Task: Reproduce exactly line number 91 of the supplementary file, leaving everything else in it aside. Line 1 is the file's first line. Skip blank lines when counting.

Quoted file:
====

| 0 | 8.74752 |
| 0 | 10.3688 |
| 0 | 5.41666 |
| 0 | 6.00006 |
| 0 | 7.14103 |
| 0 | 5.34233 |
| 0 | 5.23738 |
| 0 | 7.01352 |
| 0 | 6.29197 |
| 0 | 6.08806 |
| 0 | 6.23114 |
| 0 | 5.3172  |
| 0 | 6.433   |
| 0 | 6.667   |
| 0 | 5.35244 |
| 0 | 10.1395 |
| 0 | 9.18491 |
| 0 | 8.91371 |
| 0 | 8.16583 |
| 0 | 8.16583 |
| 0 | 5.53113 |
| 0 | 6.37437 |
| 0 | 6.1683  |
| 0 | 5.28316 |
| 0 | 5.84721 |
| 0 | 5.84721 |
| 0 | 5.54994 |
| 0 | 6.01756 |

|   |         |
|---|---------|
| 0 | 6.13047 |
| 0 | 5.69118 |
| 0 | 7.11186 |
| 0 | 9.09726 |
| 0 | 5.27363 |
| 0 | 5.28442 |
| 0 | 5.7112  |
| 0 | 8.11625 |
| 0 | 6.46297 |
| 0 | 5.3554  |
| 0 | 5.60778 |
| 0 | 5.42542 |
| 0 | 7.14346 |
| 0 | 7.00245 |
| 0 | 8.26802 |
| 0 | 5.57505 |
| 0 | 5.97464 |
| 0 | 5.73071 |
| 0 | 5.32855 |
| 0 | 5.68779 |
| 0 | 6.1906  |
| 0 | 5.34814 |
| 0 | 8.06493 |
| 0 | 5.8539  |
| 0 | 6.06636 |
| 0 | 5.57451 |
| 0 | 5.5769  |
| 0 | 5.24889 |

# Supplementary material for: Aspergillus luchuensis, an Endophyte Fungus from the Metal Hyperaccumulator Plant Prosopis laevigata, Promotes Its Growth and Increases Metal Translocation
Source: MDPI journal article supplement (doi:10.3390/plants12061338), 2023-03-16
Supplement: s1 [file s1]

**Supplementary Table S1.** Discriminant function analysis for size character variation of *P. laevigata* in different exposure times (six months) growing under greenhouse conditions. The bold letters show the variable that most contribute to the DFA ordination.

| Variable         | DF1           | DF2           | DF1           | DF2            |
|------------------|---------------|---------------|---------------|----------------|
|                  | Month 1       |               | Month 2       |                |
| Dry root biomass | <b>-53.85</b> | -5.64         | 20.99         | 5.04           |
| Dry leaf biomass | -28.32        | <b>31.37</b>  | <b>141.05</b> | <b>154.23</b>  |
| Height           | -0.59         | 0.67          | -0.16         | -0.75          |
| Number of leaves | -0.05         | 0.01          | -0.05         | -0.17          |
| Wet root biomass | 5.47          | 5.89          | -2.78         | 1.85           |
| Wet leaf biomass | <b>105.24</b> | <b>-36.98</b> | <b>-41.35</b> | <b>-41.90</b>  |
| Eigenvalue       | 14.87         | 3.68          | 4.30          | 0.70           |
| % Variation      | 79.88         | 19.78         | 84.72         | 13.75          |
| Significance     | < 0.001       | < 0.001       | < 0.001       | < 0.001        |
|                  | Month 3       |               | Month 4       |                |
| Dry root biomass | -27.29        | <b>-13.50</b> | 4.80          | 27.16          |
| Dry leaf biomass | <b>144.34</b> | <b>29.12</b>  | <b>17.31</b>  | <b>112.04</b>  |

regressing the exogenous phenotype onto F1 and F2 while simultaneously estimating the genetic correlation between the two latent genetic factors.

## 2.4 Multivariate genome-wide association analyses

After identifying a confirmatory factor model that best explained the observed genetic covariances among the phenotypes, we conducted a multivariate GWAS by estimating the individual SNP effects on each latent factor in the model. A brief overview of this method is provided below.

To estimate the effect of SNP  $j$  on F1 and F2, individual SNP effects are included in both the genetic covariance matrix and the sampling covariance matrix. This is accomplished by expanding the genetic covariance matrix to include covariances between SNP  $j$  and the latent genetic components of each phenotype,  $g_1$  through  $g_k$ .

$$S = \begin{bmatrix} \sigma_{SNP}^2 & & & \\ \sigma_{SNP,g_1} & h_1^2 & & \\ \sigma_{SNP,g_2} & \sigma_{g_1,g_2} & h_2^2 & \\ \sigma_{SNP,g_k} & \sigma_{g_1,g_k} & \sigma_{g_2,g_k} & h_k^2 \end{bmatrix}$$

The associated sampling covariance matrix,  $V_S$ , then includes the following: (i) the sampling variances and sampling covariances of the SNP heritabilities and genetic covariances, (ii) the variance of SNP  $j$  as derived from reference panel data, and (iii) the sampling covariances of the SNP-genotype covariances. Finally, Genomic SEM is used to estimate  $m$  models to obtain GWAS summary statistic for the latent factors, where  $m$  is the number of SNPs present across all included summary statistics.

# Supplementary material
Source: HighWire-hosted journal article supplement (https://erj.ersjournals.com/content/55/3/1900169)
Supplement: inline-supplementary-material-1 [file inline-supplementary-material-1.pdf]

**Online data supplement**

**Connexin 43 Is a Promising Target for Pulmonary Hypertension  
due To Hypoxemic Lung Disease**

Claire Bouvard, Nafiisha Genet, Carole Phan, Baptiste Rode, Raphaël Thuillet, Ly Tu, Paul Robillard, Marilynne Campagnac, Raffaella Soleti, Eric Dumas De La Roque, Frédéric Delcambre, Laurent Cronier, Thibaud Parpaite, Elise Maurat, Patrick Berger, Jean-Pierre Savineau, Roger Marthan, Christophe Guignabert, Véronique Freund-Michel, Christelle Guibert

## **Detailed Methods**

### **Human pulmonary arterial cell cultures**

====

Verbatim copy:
## **Detailed Methods**